Having been bombarded with “this time it’s diffferent” for all too many years now and having read a bit of history, I get the impression that every time is different and absorbing the present always involves a combination of shock and boredom.

  3. Spiderman was in high school in the 1960s and didn’t reach his 30s until the mid-90s.  Then Marvel rebooted their whole universe so he could be young yet again.  How is this “infinite present” a new concept?  Also, Game of Thrones is pretty great writing for TV, not sure why Rushkoff is taking a swing at it.  Judging from the context it doesn’t look like he’s talking about the books either.  

    1. Game of Thrones is pretty great writing for TV
      Great writing “for TV”? In an era of Breaking Bad and Mad Men, why should GoT get some kind of quality discount just because it’s on television as well?

      1. Breaking Bad is undoubtedly the best written show on TV, but every show isn’t Breaking Bad and shouldn’t try to be.  Game of Thrones is very good and I’m not sure why Douglas Rushkoff would single it out for disdain.  There are lots of examples of terribly written shows, but Game of Thrones?  Really?  That’s where he goes to make his point?  As far as giving it a “quality discount” just because it’s on TV, that’s ludicrous.  The vast majority of TV is, IMHO, not good.  I consider Game of Thrones a quality show.  Maybe you just prefer drama over fantasy, that’s your hang-up.  There’s nothing wrong with magic, sword fighting and court intrigue.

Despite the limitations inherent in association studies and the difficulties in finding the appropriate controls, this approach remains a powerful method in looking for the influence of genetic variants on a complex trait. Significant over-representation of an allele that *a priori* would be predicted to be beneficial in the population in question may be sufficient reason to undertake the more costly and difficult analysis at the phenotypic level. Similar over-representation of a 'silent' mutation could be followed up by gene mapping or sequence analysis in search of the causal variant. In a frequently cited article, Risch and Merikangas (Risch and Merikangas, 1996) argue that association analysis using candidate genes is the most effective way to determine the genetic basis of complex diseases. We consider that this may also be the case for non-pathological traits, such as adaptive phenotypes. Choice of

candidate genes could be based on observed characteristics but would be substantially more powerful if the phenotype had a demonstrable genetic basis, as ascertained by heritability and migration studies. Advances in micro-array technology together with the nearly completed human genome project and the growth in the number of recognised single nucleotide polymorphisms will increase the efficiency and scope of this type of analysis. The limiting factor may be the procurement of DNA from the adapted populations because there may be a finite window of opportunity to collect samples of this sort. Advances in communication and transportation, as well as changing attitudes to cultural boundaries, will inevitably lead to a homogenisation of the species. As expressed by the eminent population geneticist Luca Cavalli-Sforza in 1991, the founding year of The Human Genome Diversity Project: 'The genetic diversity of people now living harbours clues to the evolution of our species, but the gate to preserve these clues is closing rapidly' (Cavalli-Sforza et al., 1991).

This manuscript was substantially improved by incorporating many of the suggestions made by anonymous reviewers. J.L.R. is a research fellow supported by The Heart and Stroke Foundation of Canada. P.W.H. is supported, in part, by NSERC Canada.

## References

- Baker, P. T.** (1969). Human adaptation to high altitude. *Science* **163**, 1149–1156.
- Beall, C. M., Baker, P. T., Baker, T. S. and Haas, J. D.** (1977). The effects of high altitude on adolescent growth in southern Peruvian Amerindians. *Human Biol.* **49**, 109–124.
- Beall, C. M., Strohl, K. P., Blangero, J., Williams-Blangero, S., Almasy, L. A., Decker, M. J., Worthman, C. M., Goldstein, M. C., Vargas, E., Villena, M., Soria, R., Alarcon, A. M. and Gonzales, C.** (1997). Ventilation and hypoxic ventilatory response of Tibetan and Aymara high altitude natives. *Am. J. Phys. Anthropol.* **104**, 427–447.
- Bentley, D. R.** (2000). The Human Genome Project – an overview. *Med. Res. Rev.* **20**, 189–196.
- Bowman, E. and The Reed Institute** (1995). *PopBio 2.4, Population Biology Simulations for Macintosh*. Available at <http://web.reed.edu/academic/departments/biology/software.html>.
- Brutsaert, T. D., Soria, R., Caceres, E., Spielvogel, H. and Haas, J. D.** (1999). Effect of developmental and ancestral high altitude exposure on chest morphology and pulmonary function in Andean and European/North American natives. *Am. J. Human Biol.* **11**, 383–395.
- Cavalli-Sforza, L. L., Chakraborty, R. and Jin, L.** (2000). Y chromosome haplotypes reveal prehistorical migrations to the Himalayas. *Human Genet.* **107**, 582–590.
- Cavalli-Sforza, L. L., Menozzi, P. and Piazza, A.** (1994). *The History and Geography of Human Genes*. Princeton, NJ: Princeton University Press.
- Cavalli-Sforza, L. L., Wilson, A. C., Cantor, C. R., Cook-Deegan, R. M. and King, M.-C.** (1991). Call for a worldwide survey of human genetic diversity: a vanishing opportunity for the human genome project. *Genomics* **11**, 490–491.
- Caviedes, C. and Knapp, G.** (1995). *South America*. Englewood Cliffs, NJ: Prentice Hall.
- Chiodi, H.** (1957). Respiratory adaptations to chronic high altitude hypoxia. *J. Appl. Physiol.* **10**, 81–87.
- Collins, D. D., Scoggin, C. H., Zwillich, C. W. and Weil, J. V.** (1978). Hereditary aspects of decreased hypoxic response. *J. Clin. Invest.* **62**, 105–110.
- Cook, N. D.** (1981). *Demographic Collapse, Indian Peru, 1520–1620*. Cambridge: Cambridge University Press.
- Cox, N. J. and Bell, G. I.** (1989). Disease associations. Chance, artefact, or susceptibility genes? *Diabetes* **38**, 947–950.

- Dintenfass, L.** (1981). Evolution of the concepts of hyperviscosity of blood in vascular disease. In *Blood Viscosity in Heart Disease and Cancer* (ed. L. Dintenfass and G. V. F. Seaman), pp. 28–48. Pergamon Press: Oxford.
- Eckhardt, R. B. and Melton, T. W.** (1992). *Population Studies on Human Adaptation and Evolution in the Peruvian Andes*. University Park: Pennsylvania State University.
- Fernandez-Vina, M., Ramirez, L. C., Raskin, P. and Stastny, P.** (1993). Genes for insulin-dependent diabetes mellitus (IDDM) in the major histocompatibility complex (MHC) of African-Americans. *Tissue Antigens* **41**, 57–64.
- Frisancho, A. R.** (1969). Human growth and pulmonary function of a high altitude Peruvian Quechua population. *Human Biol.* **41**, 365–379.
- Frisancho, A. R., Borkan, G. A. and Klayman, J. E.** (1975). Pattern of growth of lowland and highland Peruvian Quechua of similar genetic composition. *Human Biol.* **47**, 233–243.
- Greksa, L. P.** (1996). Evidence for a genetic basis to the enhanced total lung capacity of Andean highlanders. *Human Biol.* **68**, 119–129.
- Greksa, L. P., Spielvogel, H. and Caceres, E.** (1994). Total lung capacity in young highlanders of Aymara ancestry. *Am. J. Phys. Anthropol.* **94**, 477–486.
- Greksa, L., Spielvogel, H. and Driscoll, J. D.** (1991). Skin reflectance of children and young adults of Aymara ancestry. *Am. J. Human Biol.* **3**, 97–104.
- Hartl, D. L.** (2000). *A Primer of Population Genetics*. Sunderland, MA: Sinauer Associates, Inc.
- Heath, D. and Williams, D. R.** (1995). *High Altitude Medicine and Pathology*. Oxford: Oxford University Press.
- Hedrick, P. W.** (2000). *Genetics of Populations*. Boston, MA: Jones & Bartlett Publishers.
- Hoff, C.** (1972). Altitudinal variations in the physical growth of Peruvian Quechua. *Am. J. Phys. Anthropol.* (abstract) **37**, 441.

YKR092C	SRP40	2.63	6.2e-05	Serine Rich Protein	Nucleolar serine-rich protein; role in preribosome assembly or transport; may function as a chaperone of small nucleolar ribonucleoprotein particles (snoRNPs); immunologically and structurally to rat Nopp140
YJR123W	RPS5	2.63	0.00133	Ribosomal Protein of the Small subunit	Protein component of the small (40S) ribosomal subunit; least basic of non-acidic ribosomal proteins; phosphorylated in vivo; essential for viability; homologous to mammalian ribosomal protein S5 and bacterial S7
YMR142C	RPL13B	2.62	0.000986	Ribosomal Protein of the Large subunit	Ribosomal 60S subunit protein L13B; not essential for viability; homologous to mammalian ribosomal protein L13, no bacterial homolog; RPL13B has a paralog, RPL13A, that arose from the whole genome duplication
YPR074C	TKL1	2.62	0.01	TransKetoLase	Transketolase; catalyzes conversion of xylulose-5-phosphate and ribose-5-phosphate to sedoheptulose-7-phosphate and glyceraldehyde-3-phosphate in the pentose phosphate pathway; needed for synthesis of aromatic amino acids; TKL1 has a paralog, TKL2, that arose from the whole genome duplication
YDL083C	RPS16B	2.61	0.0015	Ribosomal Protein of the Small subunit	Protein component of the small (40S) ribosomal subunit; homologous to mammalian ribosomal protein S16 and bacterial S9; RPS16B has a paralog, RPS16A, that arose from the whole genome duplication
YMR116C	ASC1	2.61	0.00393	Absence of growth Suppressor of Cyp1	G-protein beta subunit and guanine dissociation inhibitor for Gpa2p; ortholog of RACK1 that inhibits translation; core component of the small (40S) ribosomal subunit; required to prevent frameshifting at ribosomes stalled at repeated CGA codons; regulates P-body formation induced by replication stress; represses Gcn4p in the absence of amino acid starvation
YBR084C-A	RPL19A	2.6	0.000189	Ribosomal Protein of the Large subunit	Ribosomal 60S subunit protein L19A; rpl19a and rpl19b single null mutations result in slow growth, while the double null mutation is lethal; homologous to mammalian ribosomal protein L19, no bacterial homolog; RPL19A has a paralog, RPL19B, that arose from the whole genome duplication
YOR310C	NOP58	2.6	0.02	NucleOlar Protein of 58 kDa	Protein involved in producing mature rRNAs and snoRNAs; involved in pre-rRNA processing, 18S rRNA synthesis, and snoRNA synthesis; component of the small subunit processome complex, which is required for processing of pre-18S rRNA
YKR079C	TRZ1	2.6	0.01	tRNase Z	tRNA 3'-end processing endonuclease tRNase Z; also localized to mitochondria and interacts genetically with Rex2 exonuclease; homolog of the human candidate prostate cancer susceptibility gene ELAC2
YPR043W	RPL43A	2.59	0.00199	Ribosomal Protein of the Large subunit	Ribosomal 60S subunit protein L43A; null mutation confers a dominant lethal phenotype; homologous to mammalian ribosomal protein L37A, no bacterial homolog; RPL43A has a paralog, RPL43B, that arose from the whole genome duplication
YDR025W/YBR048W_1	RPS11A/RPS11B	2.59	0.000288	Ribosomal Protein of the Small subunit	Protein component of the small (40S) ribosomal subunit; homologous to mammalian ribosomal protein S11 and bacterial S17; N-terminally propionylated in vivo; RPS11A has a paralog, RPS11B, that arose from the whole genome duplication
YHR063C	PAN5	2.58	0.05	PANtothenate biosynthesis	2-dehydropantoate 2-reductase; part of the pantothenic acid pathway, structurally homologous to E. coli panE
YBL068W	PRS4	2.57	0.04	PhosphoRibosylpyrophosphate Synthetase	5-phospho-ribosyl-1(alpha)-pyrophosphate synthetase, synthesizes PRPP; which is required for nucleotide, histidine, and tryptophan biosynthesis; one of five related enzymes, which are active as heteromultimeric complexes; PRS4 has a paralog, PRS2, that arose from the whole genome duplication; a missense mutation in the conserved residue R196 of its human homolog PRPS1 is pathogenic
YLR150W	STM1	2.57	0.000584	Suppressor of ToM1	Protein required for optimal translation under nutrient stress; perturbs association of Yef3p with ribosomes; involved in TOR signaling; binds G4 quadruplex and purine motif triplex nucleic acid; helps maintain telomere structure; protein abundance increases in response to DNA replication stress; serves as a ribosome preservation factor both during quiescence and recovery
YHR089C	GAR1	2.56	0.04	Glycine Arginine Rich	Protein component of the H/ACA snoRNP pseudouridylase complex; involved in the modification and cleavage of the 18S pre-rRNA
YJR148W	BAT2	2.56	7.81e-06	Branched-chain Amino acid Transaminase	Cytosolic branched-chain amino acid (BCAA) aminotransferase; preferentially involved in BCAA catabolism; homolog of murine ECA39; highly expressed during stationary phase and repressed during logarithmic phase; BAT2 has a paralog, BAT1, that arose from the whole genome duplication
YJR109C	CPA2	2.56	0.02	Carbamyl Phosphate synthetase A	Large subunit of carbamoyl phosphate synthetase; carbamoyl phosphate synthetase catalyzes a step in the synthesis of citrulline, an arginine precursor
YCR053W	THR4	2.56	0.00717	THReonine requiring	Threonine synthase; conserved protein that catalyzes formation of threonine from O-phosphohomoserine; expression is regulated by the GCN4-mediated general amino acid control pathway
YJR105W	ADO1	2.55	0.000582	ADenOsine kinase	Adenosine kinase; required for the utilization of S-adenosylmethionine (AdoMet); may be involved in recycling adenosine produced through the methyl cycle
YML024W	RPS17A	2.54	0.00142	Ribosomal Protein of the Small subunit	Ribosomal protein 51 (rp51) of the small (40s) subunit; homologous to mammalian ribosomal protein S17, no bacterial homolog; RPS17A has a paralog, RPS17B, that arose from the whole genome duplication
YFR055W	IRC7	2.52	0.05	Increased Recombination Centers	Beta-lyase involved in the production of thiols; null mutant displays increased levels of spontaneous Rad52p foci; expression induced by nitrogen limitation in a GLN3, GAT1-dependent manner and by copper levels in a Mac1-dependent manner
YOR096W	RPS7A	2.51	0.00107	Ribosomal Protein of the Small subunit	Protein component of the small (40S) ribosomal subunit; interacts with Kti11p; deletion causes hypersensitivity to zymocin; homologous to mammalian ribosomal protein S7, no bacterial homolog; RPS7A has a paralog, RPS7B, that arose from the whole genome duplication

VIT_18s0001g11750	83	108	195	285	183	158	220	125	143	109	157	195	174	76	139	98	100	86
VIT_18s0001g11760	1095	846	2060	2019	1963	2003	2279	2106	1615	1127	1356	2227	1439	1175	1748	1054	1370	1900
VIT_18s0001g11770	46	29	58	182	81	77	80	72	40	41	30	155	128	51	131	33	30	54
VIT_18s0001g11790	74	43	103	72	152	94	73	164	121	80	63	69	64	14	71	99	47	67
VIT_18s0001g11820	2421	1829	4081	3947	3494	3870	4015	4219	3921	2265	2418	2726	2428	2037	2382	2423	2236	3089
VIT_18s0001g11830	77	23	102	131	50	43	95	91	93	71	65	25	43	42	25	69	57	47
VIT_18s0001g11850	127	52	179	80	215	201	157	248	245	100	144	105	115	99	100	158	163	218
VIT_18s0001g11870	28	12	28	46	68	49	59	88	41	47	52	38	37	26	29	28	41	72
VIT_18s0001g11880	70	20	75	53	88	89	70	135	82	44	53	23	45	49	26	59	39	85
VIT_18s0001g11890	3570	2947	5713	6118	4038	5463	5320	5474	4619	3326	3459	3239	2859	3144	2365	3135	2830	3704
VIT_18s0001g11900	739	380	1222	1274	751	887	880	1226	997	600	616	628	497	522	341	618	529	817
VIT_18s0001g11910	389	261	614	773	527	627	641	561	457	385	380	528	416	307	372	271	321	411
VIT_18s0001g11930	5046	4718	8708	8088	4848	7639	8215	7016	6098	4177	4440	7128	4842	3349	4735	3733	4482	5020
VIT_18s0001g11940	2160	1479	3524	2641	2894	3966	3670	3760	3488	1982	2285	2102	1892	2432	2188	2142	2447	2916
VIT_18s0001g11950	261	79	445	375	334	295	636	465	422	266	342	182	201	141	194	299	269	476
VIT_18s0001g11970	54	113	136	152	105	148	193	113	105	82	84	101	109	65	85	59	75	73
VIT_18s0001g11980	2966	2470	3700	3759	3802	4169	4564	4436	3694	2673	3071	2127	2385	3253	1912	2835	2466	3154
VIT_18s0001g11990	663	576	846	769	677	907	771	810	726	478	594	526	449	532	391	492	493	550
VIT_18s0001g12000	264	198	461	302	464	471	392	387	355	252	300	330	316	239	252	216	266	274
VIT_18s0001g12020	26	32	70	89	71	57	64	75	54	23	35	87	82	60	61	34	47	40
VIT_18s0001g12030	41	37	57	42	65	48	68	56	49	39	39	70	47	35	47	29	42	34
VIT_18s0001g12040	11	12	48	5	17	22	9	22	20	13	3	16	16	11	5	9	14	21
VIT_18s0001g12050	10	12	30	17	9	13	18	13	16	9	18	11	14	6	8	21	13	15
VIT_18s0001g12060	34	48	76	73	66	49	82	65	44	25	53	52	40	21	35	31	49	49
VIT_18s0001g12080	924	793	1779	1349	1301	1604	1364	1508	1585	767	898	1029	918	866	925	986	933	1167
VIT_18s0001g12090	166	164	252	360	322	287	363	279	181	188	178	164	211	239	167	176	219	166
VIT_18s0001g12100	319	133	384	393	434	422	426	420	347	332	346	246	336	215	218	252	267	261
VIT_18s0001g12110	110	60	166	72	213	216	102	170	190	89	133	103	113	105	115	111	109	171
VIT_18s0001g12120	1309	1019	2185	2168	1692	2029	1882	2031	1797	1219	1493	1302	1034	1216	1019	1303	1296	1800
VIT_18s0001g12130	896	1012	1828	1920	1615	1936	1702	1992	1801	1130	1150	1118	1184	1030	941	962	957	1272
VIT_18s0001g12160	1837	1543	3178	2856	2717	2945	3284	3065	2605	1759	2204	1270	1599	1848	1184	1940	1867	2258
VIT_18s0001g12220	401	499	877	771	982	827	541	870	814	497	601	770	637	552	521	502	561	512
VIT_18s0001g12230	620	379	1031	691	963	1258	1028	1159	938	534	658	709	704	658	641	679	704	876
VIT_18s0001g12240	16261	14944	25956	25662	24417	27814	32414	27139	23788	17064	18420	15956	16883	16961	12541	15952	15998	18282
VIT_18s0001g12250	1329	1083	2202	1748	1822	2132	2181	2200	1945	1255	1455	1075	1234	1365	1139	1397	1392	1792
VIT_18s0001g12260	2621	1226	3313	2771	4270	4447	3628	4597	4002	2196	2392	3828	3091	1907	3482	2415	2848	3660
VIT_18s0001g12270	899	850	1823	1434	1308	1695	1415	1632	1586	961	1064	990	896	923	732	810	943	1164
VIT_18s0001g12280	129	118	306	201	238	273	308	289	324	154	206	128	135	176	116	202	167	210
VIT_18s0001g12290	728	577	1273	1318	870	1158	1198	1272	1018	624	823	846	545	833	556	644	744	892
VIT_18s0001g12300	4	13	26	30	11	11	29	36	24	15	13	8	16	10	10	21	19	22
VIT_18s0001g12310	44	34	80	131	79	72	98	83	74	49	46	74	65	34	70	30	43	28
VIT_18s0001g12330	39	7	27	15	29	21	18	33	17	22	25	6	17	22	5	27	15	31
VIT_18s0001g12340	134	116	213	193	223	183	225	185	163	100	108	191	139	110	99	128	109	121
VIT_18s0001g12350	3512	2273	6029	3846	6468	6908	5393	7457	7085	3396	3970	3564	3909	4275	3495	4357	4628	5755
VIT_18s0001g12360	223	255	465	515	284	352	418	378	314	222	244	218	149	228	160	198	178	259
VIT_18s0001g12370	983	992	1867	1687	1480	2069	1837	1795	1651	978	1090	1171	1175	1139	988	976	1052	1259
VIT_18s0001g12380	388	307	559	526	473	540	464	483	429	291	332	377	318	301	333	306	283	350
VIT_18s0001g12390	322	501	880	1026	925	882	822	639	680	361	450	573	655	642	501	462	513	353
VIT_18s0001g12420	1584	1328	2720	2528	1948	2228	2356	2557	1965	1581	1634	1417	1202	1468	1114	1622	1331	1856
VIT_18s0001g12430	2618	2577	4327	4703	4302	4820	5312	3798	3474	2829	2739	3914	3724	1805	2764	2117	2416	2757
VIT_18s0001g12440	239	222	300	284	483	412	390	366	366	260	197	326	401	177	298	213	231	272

1. I publish fantasy. Professionally. And I think Game of Thrones is just awful. Clearly lots of other people disagree, but saying I’m prejudiced against the genre is just knee-jerk defensiveness on your part and wildly off target. I’ve only watched the pilot, and I was embarrassed for every woman on it. I’ve never seen cheaper excuses to get women out of their bodices. One look at the brother-sister pair and I said, We’ll be seeing them having sex within 10 minutes. One look at the kid climbing the wall, and his mother’s ham-fisted warning about it, and you know he’s ground-bound. The writing is clumsy and expositional. The directing is derivative and obvious. It’s yet another fantasy in which wearing a sword or a bodice somehow requires using an English accent.